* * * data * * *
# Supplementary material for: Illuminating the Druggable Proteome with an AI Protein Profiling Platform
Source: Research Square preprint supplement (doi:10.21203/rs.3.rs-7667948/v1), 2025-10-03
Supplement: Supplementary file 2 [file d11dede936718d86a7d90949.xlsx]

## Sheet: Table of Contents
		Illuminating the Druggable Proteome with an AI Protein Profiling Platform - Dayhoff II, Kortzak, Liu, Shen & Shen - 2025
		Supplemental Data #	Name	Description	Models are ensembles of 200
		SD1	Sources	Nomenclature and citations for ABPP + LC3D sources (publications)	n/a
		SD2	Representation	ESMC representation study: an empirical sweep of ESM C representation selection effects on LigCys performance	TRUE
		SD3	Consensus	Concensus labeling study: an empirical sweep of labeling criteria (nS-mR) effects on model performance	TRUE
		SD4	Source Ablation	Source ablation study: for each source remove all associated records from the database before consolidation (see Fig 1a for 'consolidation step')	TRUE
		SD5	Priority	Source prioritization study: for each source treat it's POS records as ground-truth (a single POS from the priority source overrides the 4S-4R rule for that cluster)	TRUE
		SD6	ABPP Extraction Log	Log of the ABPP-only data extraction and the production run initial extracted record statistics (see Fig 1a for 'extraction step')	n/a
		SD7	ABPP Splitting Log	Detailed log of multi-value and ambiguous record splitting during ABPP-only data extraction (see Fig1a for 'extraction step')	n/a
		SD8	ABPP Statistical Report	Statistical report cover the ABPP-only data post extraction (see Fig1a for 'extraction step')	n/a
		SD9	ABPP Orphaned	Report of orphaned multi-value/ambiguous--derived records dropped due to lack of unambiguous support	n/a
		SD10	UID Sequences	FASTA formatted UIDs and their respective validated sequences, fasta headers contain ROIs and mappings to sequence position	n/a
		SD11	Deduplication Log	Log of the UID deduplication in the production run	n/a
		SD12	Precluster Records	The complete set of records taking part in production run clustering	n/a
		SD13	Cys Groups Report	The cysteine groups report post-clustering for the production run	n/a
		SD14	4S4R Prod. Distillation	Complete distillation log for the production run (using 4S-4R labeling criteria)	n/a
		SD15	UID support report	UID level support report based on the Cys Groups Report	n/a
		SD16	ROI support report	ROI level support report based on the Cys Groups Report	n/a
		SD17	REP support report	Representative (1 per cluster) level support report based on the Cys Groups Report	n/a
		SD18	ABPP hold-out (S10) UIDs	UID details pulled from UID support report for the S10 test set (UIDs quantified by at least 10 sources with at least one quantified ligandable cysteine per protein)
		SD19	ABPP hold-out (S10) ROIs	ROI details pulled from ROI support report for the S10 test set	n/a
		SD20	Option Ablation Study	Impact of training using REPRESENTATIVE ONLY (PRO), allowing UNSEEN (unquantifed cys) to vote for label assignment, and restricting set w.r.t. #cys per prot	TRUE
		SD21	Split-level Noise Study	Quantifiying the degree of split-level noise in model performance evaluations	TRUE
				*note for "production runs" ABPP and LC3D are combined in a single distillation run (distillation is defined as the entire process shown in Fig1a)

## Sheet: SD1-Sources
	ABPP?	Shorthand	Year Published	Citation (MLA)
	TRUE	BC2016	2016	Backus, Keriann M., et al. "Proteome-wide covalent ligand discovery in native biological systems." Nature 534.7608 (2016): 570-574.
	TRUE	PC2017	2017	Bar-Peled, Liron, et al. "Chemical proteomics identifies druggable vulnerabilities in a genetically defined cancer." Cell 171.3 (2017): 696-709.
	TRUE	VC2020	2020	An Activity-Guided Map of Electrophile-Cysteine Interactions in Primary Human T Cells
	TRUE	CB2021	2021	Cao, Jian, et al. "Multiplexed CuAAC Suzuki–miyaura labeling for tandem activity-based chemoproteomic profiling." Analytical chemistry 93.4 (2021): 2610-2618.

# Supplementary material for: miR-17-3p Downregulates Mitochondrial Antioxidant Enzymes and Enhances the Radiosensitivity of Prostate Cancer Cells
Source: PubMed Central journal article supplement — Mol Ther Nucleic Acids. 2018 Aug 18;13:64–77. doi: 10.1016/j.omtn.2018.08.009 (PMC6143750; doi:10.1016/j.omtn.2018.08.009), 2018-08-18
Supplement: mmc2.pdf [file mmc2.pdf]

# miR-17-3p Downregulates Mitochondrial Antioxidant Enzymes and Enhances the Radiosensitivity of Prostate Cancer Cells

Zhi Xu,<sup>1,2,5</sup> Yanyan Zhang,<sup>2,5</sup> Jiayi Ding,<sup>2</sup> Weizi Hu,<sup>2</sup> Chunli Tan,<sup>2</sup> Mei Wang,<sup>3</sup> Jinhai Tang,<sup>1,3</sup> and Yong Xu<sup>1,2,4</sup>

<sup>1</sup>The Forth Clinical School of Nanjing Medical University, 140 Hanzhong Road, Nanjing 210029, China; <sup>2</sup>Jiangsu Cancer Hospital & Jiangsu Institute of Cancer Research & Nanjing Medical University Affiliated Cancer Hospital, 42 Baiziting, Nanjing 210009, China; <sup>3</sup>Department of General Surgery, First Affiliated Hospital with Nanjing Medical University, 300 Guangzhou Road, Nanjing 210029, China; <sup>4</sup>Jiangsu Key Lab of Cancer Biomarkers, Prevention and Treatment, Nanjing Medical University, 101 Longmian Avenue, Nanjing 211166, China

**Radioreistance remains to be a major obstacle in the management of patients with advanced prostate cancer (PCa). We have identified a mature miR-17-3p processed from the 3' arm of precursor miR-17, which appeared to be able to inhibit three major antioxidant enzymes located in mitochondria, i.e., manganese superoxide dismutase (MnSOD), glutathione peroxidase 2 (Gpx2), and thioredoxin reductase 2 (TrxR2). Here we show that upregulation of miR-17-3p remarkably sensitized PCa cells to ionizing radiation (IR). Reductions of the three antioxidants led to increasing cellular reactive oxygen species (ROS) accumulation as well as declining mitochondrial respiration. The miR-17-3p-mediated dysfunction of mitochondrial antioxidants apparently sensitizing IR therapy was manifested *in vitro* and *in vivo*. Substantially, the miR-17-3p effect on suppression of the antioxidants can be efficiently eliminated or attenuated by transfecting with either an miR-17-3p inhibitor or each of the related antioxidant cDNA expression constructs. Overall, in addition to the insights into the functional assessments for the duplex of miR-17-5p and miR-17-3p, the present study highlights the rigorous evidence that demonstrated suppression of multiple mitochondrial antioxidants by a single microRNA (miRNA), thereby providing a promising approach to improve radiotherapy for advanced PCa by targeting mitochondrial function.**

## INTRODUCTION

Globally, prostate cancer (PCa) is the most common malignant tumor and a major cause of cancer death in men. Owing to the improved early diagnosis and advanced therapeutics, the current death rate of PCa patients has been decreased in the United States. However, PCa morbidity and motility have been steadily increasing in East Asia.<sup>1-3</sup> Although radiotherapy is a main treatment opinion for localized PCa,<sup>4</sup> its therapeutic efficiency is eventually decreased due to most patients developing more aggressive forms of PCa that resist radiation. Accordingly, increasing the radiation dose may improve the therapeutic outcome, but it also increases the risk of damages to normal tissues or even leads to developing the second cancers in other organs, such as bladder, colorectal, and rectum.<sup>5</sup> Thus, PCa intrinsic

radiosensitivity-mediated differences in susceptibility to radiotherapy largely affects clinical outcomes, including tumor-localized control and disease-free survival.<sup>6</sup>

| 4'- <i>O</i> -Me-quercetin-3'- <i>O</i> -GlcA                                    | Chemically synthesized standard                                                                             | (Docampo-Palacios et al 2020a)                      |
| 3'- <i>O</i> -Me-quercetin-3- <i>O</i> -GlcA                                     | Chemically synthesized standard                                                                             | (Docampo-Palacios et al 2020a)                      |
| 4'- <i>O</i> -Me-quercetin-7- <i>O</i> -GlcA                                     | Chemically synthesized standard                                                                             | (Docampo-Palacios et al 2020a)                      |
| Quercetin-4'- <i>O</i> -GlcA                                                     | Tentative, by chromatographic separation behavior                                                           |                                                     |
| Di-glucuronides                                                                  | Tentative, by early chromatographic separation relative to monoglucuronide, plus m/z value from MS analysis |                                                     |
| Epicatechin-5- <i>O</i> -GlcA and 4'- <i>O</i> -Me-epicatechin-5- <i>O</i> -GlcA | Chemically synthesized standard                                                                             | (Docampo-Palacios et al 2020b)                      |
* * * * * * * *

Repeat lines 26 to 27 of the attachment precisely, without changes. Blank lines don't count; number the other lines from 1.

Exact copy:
		SD20	Option Ablation Study	Impact of training using REPRESENTATIVE ONLY (PRO), allowing UNSEEN (unquantifed cys) to vote for label assignment, and restricting set w.r.t. #cys per prot	TRUE
		SD21	Split-level Noise Study	Quantifiying the degree of split-level noise in model performance evaluations	TRUE